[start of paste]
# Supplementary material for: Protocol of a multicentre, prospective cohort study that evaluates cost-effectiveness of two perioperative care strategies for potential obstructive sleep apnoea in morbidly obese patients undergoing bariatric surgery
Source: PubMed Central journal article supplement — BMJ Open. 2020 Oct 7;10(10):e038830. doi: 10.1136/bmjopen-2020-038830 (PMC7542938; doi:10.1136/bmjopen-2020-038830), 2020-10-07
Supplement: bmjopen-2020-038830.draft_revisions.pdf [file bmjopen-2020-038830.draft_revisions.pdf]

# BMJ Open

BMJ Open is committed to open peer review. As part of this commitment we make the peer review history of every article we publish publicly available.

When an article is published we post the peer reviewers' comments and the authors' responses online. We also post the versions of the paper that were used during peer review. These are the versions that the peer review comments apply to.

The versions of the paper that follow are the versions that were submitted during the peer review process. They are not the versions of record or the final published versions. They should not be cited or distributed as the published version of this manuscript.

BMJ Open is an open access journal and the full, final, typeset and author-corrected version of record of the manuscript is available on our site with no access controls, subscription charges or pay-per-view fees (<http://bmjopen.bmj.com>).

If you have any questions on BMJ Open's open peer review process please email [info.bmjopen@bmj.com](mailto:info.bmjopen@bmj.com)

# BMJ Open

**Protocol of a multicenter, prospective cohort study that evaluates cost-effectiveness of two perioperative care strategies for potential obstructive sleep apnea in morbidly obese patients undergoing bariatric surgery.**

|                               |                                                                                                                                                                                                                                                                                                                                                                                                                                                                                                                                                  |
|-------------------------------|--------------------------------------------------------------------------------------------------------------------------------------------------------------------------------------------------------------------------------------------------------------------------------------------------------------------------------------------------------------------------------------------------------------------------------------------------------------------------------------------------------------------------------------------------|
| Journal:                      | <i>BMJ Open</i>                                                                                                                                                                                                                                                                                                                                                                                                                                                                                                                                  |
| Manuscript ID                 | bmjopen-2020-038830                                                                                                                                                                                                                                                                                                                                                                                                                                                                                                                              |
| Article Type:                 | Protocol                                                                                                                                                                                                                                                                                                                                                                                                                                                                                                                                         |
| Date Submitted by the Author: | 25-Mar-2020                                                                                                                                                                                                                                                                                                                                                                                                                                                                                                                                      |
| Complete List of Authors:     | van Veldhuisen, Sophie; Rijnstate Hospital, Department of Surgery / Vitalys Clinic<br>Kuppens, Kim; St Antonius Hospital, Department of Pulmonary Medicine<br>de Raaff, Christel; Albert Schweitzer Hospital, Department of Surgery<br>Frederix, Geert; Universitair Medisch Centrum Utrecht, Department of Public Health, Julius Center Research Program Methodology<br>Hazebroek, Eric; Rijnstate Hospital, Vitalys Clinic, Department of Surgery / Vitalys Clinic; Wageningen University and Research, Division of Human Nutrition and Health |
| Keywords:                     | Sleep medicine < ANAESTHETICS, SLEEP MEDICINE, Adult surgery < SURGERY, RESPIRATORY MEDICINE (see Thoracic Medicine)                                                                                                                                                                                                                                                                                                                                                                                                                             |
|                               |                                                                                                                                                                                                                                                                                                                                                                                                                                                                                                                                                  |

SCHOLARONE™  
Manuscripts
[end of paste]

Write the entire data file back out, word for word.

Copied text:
# Supplementary material for: Protocol of a multicentre, prospective cohort study that evaluates cost-effectiveness of two perioperative care strategies for potential obstructive sleep apnoea in morbidly obese patients undergoing bariatric surgery
Source: PubMed Central journal article supplement — BMJ Open. 2020 Oct 7;10(10):e038830. doi: 10.1136/bmjopen-2020-038830 (PMC7542938; doi:10.1136/bmjopen-2020-038830), 2020-10-07
Supplement: bmjopen-2020-038830.draft_revisions.pdf [file bmjopen-2020-038830.draft_revisions.pdf]

# BMJ Open

BMJ Open is committed to open peer review. As part of this commitment we make the peer review history of every article we publish publicly available.

When an article is published we post the peer reviewers' comments and the authors' responses online. We also post the versions of the paper that were used during peer review. These are the versions that the peer review comments apply to.

The versions of the paper that follow are the versions that were submitted during the peer review process. They are not the versions of record or the final published versions. They should not be cited or distributed as the published version of this manuscript.

BMJ Open is an open access journal and the full, final, typeset and author-corrected version of record of the manuscript is available on our site with no access controls, subscription charges or pay-per-view fees (<http://bmjopen.bmj.com>).

If you have any questions on BMJ Open's open peer review process please email [info.bmjopen@bmj.com](mailto:info.bmjopen@bmj.com)

# BMJ Open

**Protocol of a multicenter, prospective cohort study that evaluates cost-effectiveness of two perioperative care strategies for potential obstructive sleep apnea in morbidly obese patients undergoing bariatric surgery.**

|                               |                                                                                                                                                                                                                                                                                                                                                                                                                                                                                                                                                  |
|-------------------------------|--------------------------------------------------------------------------------------------------------------------------------------------------------------------------------------------------------------------------------------------------------------------------------------------------------------------------------------------------------------------------------------------------------------------------------------------------------------------------------------------------------------------------------------------------|
| Journal:                      | <i>BMJ Open</i>                                                                                                                                                                                                                                                                                                                                                                                                                                                                                                                                  |
| Manuscript ID                 | bmjopen-2020-038830                                                                                                                                                                                                                                                                                                                                                                                                                                                                                                                              |
| Article Type:                 | Protocol                                                                                                                                                                                                                                                                                                                                                                                                                                                                                                                                         |
| Date Submitted by the Author: | 25-Mar-2020                                                                                                                                                                                                                                                                                                                                                                                                                                                                                                                                      |
| Complete List of Authors:     | van Veldhuisen, Sophie; Rijnstate Hospital, Department of Surgery / Vitalys Clinic<br>Kuppens, Kim; St Antonius Hospital, Department of Pulmonary Medicine<br>de Raaff, Christel; Albert Schweitzer Hospital, Department of Surgery<br>Frederix, Geert; Universitair Medisch Centrum Utrecht, Department of Public Health, Julius Center Research Program Methodology<br>Hazebroek, Eric; Rijnstate Hospital, Vitalys Clinic, Department of Surgery / Vitalys Clinic; Wageningen University and Research, Division of Human Nutrition and Health |
| Keywords:                     | Sleep medicine < ANAESTHETICS, SLEEP MEDICINE, Adult surgery < SURGERY, RESPIRATORY MEDICINE (see Thoracic Medicine)                                                                                                                                                                                                                                                                                                                                                                                                                             |
|                               |                                                                                                                                                                                                                                                                                                                                                                                                                                                                                                                                                  |

SCHOLARONE™  
Manuscripts